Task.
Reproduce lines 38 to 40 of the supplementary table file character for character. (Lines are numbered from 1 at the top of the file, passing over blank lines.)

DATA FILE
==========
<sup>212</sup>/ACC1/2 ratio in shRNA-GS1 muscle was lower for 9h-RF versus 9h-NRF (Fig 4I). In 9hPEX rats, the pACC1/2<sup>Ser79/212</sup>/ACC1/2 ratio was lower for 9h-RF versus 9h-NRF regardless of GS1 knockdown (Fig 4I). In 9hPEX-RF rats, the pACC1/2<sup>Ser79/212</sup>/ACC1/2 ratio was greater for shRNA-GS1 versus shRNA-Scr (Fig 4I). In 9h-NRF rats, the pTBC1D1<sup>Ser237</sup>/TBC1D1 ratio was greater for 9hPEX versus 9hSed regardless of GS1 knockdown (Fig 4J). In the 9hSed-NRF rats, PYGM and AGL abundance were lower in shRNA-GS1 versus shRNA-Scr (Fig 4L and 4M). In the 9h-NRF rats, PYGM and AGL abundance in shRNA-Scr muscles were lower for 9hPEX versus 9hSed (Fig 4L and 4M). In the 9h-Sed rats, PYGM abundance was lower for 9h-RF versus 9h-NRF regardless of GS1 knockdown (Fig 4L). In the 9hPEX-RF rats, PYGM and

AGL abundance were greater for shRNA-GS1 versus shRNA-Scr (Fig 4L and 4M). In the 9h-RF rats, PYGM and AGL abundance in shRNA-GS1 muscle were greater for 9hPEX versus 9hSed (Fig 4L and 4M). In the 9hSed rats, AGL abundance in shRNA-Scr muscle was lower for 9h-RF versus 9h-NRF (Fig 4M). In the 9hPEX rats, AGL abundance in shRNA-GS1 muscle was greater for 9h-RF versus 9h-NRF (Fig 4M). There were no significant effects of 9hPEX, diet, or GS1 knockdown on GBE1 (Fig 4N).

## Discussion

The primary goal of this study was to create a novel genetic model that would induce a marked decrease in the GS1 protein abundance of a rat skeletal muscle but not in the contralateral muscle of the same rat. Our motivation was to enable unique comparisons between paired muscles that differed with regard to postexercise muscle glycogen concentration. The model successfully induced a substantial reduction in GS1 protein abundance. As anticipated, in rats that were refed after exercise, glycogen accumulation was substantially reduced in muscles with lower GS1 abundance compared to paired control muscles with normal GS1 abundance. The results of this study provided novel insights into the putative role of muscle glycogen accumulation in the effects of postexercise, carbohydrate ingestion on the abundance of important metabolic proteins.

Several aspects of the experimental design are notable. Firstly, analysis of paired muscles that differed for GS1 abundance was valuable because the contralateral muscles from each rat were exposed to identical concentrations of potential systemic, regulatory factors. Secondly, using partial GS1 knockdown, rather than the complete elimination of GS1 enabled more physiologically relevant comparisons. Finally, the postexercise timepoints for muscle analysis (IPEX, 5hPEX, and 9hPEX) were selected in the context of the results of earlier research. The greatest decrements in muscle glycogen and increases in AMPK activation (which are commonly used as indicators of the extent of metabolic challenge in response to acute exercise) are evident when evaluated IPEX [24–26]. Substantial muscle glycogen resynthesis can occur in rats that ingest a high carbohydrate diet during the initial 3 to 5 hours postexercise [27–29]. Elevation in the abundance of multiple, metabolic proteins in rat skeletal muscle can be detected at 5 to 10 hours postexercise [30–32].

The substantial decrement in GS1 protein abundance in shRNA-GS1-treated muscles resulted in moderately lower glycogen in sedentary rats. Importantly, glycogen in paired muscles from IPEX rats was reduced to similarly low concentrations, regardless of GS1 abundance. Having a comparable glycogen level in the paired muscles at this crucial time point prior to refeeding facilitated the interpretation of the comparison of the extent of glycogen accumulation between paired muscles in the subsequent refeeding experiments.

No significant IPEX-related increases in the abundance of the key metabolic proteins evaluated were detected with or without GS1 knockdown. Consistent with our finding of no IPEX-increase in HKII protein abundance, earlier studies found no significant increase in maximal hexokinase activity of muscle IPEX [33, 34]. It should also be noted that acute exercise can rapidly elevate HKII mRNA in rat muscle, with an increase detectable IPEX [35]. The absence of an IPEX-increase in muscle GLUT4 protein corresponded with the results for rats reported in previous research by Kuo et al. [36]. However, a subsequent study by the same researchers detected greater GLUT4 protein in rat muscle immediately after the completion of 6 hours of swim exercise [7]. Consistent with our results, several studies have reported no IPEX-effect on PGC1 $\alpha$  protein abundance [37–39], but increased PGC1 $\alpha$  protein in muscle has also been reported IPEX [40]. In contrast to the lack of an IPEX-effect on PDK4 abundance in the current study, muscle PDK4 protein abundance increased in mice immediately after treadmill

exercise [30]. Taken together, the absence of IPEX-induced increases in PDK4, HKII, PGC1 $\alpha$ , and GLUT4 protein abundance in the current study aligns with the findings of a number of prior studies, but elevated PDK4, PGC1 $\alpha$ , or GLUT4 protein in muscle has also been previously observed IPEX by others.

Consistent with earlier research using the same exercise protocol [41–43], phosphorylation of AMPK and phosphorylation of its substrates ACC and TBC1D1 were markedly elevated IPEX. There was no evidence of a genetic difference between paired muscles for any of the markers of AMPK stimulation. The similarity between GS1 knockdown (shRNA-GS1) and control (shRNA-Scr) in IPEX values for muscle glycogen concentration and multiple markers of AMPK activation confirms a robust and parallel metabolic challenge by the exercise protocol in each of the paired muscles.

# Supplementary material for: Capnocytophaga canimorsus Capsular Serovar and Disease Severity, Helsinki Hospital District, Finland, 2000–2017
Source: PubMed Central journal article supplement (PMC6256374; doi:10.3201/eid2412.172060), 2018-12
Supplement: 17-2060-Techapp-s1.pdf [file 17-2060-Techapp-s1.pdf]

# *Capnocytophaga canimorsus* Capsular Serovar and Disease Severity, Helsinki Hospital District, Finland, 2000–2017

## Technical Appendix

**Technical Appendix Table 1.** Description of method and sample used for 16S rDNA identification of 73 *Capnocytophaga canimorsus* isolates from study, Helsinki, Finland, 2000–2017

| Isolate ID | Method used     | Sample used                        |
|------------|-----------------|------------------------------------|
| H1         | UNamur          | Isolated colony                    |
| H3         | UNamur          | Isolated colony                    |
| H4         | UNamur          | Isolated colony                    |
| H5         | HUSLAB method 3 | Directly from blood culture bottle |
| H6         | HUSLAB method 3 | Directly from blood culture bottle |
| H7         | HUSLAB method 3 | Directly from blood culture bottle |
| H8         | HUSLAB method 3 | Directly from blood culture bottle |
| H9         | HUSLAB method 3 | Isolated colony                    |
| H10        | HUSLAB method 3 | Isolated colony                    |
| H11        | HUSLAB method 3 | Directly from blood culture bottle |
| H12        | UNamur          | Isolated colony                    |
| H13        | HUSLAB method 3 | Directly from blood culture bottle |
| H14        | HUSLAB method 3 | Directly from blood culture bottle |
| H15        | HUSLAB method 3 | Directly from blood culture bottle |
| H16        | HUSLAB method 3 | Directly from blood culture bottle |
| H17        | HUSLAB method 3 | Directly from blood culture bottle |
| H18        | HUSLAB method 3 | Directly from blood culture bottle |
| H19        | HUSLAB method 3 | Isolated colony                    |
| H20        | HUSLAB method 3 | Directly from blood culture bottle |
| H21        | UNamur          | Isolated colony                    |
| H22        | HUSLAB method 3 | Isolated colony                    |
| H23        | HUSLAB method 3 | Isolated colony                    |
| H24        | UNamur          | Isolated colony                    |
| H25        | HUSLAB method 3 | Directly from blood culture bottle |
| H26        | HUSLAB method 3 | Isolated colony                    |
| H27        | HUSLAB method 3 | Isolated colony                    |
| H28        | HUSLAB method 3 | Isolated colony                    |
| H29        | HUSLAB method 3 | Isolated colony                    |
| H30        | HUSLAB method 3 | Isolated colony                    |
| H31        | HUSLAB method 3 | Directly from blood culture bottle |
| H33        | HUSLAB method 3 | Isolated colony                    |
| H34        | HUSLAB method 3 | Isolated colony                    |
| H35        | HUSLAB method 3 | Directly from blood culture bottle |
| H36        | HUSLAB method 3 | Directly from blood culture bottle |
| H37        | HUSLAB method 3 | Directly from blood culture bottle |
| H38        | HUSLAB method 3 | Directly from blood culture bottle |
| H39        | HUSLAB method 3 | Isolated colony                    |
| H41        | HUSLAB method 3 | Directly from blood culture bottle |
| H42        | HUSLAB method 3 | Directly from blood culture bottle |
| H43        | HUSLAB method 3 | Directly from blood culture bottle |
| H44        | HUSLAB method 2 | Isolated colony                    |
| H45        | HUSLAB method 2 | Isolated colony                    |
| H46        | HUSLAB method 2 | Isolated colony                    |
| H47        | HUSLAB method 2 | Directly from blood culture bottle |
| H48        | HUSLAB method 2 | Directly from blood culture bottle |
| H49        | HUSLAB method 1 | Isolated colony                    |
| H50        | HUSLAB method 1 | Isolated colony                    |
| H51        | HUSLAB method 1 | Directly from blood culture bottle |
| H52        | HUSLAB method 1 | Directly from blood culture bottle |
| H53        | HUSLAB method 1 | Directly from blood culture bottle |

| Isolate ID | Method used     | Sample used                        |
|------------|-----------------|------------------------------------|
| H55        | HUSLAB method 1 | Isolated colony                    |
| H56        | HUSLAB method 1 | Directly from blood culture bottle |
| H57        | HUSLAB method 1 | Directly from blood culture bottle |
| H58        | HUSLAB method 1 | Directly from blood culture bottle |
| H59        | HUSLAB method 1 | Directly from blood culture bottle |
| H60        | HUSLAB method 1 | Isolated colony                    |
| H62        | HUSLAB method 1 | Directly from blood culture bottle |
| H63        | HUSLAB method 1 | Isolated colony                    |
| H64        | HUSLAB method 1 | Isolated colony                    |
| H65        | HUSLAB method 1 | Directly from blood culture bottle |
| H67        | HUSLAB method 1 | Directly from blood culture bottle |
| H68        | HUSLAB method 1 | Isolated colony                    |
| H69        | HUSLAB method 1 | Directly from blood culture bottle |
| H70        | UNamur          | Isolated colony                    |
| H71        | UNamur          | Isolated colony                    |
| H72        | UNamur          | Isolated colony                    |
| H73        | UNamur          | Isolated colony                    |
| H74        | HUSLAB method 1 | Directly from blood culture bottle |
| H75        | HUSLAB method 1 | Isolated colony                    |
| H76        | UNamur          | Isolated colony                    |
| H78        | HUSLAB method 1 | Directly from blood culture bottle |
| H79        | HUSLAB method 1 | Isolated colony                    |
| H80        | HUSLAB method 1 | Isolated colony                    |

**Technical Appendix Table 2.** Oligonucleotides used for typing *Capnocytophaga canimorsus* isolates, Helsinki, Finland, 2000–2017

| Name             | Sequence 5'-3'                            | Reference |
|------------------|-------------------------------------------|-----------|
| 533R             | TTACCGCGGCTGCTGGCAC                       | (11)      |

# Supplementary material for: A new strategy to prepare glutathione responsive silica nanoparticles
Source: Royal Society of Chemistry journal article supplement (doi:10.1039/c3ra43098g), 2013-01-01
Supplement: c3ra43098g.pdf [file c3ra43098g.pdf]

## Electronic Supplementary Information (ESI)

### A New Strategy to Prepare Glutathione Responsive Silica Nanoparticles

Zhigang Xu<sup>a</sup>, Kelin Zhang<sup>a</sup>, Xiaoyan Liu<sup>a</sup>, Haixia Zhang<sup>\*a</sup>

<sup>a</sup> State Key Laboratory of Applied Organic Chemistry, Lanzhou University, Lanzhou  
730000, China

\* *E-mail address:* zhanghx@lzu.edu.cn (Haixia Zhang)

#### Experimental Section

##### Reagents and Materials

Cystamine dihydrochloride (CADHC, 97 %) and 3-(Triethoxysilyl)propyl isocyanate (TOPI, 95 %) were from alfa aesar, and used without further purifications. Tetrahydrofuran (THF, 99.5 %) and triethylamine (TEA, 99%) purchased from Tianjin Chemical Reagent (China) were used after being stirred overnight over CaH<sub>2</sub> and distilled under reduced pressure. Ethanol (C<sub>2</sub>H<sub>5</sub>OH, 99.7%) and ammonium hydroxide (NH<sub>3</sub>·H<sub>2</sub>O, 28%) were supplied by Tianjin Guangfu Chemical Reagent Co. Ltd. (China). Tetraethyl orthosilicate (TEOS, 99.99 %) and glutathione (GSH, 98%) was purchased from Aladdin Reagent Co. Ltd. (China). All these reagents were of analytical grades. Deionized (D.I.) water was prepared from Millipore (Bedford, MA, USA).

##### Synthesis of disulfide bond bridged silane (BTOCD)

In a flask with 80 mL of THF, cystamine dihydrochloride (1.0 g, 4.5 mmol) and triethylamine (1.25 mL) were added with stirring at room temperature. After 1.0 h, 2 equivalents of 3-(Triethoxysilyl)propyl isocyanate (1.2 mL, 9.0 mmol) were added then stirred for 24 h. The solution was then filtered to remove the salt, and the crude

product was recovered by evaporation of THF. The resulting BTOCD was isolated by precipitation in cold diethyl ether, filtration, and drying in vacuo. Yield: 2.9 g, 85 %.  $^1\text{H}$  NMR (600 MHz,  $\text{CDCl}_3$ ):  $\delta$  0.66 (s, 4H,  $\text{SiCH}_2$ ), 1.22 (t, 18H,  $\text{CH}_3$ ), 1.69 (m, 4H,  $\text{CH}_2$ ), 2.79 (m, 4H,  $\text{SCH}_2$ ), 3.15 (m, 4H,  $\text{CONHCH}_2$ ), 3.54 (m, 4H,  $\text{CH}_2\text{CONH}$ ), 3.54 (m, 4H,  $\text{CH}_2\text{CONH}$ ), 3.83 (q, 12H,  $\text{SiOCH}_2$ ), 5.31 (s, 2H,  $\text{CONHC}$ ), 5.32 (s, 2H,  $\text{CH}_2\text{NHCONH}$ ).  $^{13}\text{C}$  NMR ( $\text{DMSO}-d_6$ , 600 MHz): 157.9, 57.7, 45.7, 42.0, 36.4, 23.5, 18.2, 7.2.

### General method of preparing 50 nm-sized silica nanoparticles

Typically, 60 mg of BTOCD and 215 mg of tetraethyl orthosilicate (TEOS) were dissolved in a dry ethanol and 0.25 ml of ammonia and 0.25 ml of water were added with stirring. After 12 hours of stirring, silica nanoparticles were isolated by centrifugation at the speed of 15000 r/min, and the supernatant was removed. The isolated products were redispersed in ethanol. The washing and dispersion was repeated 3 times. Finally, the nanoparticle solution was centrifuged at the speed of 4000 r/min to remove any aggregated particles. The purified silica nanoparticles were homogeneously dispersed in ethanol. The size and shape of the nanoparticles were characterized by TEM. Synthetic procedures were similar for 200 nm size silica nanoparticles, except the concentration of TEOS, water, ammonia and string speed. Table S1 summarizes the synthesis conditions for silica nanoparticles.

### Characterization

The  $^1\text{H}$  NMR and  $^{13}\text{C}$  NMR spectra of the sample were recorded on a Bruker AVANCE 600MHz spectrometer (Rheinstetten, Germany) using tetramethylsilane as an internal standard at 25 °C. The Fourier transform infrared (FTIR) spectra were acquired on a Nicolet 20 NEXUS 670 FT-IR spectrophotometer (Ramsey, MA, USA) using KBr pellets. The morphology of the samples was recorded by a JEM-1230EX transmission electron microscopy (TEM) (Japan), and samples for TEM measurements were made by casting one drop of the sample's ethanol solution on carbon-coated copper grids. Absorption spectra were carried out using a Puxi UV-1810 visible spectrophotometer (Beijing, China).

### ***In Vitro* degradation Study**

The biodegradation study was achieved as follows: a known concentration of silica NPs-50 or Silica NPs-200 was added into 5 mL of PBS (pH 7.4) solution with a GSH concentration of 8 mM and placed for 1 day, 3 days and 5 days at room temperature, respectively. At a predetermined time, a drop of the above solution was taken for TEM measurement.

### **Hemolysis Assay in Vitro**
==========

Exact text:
| H22        | HUSLAB method 3 | Isolated colony                    |
| H23        | HUSLAB method 3 | Isolated colony                    |
| H24        | UNamur          | Isolated colony                    |